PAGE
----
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THE NIGHT IS LARGE by Martin Gardner


Collected Essays, 1938-1995


Pub Date: July 1st, 1996
ISBN: 0-312-14380-X
Publisher: St. Martin's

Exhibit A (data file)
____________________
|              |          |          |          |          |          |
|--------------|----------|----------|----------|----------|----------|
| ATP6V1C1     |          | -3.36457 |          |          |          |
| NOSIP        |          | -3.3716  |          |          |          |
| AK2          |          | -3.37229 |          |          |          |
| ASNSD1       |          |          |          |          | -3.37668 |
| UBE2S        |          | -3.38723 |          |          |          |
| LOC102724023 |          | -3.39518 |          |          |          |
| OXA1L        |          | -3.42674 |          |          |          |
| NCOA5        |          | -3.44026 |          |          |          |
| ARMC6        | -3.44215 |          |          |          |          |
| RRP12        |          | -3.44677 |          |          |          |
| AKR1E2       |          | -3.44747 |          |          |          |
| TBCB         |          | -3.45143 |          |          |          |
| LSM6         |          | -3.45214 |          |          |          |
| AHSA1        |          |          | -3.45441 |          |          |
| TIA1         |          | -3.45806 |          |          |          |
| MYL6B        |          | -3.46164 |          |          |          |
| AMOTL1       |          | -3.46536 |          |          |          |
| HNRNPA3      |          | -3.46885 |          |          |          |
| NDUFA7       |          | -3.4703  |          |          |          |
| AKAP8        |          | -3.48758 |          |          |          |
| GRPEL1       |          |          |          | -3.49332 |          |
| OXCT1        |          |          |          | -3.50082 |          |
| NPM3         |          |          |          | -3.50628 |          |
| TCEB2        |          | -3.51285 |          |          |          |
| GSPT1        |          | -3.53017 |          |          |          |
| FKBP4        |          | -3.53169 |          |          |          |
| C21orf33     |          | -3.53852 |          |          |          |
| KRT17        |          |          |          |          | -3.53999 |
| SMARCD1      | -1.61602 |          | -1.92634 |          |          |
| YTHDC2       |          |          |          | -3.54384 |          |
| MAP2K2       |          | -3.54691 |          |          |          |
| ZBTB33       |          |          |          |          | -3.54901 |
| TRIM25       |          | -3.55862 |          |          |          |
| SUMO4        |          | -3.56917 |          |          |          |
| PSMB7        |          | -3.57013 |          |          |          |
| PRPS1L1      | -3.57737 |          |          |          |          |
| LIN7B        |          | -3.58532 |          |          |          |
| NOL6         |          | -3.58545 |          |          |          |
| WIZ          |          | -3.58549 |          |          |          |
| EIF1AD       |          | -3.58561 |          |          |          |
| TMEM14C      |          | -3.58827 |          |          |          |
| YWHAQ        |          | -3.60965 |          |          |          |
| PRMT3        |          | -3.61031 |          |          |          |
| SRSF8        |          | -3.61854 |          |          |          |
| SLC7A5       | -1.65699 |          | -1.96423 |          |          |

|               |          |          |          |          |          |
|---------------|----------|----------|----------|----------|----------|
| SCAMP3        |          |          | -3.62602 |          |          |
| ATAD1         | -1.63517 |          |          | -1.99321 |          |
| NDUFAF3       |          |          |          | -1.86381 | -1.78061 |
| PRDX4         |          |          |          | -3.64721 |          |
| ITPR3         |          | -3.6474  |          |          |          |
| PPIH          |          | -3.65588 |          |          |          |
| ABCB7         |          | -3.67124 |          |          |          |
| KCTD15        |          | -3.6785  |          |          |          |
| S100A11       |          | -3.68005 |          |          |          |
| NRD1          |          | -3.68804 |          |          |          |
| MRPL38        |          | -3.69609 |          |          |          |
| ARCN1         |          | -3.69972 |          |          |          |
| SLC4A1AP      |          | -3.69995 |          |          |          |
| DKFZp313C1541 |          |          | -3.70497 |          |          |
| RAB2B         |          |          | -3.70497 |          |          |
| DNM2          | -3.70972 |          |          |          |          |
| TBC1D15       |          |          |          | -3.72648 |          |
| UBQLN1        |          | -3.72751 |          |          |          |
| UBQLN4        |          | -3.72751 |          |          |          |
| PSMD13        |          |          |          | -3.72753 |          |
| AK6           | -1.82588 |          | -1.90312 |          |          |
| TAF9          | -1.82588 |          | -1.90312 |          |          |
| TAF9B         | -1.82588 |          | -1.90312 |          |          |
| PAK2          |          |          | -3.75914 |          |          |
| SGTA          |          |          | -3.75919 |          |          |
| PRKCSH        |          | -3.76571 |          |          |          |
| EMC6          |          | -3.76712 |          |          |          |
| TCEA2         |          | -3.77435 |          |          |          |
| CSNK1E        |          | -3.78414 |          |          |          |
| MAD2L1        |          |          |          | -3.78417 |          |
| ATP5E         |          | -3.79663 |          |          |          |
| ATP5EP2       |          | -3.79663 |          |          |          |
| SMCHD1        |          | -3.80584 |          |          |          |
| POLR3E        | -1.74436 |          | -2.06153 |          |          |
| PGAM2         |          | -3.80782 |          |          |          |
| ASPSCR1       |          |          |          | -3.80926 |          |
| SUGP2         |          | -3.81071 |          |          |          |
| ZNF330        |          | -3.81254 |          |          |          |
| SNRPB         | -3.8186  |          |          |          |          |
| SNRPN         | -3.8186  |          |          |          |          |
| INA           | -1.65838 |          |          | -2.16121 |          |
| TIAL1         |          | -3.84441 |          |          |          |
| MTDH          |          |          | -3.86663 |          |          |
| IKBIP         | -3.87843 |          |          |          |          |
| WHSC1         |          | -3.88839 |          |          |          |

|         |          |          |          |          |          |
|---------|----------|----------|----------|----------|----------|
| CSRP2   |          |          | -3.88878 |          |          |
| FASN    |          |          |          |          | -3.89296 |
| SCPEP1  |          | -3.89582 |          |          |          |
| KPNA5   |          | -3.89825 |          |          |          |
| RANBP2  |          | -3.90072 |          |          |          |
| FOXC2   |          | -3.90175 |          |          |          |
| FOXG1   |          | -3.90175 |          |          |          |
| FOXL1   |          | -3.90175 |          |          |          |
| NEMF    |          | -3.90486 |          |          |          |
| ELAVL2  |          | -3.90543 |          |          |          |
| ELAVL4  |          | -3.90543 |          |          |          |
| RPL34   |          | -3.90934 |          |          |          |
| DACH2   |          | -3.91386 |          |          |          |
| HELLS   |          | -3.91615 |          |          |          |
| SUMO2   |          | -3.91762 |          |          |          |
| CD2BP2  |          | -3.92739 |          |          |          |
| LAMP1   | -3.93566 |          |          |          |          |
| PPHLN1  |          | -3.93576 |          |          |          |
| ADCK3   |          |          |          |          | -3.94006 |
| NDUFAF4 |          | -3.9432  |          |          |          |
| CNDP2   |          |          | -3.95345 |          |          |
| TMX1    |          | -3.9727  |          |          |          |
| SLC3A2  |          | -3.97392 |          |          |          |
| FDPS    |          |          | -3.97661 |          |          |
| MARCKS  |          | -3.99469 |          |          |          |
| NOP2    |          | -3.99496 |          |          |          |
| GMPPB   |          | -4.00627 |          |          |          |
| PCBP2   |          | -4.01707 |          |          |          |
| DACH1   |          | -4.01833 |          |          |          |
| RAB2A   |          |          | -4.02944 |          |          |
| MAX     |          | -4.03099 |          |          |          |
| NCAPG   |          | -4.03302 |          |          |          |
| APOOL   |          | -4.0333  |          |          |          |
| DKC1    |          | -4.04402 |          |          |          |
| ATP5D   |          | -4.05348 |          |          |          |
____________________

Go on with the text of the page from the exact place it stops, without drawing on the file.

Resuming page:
In a broad-ranging collection of essays on mathematics, theoretical physics, philosophy, literature, and religion, Gardener has a panoramic view from the shoulders of such giants as Einstein, William James, and L. Frank Baum. When a best-of collection spans almost 60 years, several disciplines, and a prolific output of books and articles for the New York Review of Books, Scientific American, and the Skeptical Inquirer, the odds are it will be stimulating, informative, and even contentious. Gardner's is, naturally, and his own personal touches--a sense of humor equal to his curiosity, for instance- -match his talents for smooth prose and clear encapsulation. In such an intellectual potpourri, Gardner's mind may appear slightly contradictory: He defends relativity in physics but not relativism in anthropology, accepts quantum mechanics's paradoxes but not Newcomb's paradox of free will, and takes proofs for Nothing (or at least the null set) but not for God. Gardner proves skeptical but never close-minded, a realist in his epistemology, a Platonist in his mathematics, and a theist in his religion. Such a character of course wades into debates on relativity, superstrings, cosmology, and artificial intelligence, and iconoclastically investigates the gullibility of William James and Sigmund Freud. He also has some lucid speculations on Time, Nothing, and Everything and sprightly essays on invented languages, James Joyce, and Georges Perec. And he includes whimsy, such as his again-timely spoof of Reaganomics's warped Laffer Curve, a combination burlesque of T.S. Eliot and mathematical conundrums, and a pseudonymous, sardonic review of his own The Whys of a Philosophical Scrivener (1983). If Newton was, as he said, like a boy playing on the seashore of an undiscovered ocean of truth, then Gardner too has amassed an impressive shell collection. (line drawings not seen)